In times of growing environmental stress and natural disaster experienced during the Axial Age, people increasingly turned to the figure of the male Creator God in the sky for succor rather than to the more accessible great mother-goddesses and spirits of fertility. The trend toward more power and authority for male gods culminated in the elimination of goddesses altogether in the monotheistic religion of Judaism and its later offshoots, Christianity, and Islam, all of which, one can add to Engelman’s implied explanation, came out of this patriarchal sky god tradition. In the Greco-Roman pantheon, goddesses ended up in reduced roles as lovers, wives, and mothers, as did mortal women.

“Every one of the Axial societies institutionalized the subjugation of women,” Engelman says, some by being confined and veiled in harems, others secluded in their homes, and still others treated as male property. “Such female subjugation helped guarantee that maximum childbearing would grow the local population.” Rulers of the time, rather than linking population growth and scarcity, encouraged growth as a way to extract more from nature and increase their own power over their people. Sex, contraception, and abortion hardly figure in the scriptures of these religions. They didn’t need to, the author says, for “Women and Children were male property. And the seclusion of women in most of these societies limited access to the female networks that in the past had disseminated ancient wisdom on these issues.”

Despite the subjugation of women and the discouragement of birth control, population growth slowed, leveled off, or even went negative in most Axial societies in the fifth century BC or shortly thereafter. Then, for the next two millennia, human population either remained fairly constant or declined around the birth of Christ before rising in the Middle Ages. To explain this Axial Age slowdown, Engelman cites pestilence due to crowded living conditions in the urban centers of the time as one possible limiting factor. Another reason may be that women did not lose total control of their own reproduction in this period, and during its waning may have regained more. To back this point up, Engelman notes several sources, both ancient and modern, that show women’s continuing capabilities to control unwanted births. As the Axial Age began to fade, the matter of population attracted growing attention:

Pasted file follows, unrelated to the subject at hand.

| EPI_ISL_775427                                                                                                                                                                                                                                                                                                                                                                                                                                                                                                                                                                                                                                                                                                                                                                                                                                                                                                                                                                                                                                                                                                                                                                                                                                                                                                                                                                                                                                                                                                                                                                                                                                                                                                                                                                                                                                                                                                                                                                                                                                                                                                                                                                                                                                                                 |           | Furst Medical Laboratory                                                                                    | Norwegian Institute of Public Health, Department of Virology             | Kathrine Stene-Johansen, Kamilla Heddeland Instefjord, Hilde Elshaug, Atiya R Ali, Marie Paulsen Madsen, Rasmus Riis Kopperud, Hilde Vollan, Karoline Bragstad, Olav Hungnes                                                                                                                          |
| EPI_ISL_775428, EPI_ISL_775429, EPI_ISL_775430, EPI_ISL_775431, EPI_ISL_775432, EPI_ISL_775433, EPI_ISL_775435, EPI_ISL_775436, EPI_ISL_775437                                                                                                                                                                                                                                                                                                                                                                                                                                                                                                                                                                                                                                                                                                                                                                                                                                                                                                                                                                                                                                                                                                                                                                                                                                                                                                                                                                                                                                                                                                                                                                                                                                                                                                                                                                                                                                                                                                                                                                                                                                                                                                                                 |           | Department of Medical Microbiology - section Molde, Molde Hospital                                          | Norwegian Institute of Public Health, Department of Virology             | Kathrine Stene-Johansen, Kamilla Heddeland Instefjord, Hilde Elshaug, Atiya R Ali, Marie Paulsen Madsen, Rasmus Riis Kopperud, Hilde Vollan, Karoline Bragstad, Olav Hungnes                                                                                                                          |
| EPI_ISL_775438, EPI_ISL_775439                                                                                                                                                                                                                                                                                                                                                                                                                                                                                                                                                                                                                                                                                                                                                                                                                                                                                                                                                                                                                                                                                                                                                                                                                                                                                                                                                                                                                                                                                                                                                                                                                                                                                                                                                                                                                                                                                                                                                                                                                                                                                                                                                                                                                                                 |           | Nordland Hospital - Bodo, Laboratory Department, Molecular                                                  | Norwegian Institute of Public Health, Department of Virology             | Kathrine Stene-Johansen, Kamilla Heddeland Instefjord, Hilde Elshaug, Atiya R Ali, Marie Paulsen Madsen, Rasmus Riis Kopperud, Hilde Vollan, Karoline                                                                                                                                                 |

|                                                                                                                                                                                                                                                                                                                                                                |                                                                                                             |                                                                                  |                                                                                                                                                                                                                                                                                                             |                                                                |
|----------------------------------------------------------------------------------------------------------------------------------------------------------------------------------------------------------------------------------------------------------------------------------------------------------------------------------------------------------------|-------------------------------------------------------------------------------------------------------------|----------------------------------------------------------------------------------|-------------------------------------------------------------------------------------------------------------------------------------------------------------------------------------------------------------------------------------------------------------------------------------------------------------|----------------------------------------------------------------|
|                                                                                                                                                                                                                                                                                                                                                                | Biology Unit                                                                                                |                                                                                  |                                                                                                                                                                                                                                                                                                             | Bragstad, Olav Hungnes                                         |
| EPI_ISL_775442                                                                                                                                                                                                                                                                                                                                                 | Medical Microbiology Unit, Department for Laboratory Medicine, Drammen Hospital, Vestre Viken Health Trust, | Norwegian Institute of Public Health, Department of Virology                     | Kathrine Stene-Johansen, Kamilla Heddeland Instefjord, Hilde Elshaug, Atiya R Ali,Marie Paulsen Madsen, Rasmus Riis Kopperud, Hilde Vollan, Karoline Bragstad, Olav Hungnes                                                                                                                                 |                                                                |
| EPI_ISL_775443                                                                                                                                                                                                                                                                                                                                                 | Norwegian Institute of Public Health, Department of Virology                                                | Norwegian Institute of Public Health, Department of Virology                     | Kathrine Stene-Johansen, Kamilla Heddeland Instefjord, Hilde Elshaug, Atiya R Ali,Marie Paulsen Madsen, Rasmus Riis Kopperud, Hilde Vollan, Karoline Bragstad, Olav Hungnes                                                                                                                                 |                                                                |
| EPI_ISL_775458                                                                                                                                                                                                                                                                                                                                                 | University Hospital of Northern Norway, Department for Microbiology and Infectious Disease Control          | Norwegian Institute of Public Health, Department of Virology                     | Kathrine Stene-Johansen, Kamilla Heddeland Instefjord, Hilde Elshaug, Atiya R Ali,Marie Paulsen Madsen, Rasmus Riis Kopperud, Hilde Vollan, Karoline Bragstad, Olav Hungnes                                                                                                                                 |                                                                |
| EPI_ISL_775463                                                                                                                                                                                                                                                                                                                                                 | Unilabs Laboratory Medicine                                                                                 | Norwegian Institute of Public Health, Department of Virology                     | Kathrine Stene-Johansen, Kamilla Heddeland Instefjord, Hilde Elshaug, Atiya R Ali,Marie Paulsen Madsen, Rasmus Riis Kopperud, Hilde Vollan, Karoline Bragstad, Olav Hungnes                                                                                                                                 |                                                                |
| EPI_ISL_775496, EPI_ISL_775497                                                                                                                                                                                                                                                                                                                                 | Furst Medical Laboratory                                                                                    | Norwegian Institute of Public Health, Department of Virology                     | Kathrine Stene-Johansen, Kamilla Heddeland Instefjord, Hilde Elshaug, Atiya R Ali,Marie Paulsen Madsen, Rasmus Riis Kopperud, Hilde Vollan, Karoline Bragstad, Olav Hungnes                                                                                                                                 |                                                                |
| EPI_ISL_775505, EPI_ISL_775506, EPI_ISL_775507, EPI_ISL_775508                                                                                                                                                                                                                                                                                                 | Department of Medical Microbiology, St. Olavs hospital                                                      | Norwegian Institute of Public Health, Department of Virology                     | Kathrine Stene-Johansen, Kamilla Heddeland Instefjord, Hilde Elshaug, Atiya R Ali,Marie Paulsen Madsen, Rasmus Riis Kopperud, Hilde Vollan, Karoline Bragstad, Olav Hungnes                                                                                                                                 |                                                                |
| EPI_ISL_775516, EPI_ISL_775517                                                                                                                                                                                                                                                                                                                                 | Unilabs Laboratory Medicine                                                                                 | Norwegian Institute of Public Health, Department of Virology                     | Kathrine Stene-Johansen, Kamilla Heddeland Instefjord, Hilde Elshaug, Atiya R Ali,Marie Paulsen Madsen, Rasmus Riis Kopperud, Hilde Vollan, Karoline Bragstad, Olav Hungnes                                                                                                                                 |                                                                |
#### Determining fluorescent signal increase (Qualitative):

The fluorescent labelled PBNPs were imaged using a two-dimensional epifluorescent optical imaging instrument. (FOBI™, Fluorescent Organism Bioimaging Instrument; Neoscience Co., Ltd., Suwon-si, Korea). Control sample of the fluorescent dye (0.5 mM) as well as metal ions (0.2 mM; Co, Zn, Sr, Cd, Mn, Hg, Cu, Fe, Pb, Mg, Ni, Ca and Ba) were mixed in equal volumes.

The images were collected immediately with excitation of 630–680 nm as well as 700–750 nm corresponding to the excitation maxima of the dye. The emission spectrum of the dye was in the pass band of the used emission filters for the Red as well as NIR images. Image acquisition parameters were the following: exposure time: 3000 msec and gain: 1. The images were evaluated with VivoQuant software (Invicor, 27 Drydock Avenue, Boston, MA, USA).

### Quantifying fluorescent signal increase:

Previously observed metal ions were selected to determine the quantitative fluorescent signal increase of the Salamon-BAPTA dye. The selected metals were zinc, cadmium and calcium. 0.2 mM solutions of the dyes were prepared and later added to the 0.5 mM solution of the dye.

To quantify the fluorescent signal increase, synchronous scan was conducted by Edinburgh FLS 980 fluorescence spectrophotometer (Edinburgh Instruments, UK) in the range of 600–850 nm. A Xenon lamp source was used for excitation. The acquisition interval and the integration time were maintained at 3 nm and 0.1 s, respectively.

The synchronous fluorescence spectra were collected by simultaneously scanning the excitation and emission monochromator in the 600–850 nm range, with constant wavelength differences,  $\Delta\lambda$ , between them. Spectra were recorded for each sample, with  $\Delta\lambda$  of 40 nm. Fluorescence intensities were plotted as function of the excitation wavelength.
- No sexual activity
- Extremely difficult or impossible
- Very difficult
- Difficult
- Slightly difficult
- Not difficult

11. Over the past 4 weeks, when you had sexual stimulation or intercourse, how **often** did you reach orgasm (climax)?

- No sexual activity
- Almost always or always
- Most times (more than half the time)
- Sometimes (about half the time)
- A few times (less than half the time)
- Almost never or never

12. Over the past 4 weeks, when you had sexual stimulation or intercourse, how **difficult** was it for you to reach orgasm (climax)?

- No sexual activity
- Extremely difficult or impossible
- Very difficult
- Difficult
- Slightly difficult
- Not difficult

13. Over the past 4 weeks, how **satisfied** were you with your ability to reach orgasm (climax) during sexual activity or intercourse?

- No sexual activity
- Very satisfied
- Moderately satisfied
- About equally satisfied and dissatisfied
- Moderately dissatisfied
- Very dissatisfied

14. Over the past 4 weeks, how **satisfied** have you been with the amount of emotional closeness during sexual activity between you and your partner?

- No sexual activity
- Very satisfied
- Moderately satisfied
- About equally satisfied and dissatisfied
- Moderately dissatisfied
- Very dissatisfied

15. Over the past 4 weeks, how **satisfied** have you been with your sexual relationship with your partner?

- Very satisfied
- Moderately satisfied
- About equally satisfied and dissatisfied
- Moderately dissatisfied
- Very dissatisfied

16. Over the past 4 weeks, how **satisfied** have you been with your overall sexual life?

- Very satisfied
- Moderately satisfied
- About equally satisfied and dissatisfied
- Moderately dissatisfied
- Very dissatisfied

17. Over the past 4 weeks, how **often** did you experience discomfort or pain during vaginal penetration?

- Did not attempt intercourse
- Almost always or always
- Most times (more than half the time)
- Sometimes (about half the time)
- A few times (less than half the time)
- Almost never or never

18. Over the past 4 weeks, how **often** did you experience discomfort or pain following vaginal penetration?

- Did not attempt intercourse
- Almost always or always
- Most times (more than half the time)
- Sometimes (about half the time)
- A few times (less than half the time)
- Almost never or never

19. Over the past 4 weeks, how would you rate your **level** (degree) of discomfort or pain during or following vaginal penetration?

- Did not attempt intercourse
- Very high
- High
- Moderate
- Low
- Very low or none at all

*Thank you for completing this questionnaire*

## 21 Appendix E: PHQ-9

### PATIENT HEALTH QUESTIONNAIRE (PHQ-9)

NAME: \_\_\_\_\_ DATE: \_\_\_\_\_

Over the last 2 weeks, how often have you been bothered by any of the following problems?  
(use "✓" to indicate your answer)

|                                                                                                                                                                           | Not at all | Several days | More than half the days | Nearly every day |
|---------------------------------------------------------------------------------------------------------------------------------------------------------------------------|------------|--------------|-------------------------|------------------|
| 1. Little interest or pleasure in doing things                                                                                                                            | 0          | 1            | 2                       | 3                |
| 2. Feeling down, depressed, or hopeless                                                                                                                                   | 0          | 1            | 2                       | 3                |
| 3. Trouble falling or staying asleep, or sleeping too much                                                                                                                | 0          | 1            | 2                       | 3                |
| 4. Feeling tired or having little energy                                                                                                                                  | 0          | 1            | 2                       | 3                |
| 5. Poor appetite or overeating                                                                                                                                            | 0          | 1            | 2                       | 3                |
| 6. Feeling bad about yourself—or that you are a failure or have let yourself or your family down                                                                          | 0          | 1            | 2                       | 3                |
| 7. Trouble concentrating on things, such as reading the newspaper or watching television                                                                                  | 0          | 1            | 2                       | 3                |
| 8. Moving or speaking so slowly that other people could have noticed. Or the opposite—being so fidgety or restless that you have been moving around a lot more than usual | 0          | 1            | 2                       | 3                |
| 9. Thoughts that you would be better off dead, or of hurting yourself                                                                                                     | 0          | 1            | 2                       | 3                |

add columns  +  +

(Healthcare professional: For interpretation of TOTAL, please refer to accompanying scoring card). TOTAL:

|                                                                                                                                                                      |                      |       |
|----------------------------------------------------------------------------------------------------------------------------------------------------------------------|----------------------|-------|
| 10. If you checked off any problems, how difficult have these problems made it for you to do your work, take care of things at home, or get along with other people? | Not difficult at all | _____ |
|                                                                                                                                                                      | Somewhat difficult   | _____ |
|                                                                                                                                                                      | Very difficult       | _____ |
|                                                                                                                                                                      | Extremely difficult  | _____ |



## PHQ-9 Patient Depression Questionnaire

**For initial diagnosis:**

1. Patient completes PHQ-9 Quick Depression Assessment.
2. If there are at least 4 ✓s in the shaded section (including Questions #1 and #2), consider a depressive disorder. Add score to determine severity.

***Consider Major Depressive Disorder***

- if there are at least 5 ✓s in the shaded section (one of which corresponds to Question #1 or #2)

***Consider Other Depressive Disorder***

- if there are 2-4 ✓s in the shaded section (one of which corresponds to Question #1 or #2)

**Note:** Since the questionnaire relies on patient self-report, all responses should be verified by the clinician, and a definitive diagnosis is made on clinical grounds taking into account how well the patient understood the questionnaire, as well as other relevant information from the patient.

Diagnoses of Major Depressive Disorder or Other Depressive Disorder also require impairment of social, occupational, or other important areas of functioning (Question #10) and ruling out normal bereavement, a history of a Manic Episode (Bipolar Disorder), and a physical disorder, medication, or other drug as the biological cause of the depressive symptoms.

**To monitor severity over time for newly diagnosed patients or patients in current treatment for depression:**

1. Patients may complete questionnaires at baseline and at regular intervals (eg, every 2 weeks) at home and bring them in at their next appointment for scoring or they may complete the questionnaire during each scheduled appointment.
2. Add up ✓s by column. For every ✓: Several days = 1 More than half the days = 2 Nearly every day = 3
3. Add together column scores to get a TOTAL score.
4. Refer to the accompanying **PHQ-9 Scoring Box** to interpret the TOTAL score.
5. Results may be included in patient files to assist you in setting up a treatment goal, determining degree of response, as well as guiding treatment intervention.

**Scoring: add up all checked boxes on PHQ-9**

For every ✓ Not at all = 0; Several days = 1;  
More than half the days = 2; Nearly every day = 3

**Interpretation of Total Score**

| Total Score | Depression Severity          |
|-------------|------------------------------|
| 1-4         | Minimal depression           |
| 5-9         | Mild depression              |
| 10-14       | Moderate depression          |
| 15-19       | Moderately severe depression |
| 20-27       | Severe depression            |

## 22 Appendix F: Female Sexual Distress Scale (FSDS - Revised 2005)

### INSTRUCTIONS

The diversity of views on population growth in the Axial Age parallels the ambivalence human beings have felt about their numbers ever after. It also illustrates the difficulty of judging the costs and benefits of ongoing demographic growth. Even though Axial Age civilizations were chronically stressed by their rising numbers, they remained wedded to a value system in which women had little choice but to produce as many children as chance and the constant attention of their husbands dictated. Yet these societies were also hotbeds of technological, institutional, and cultural innovation.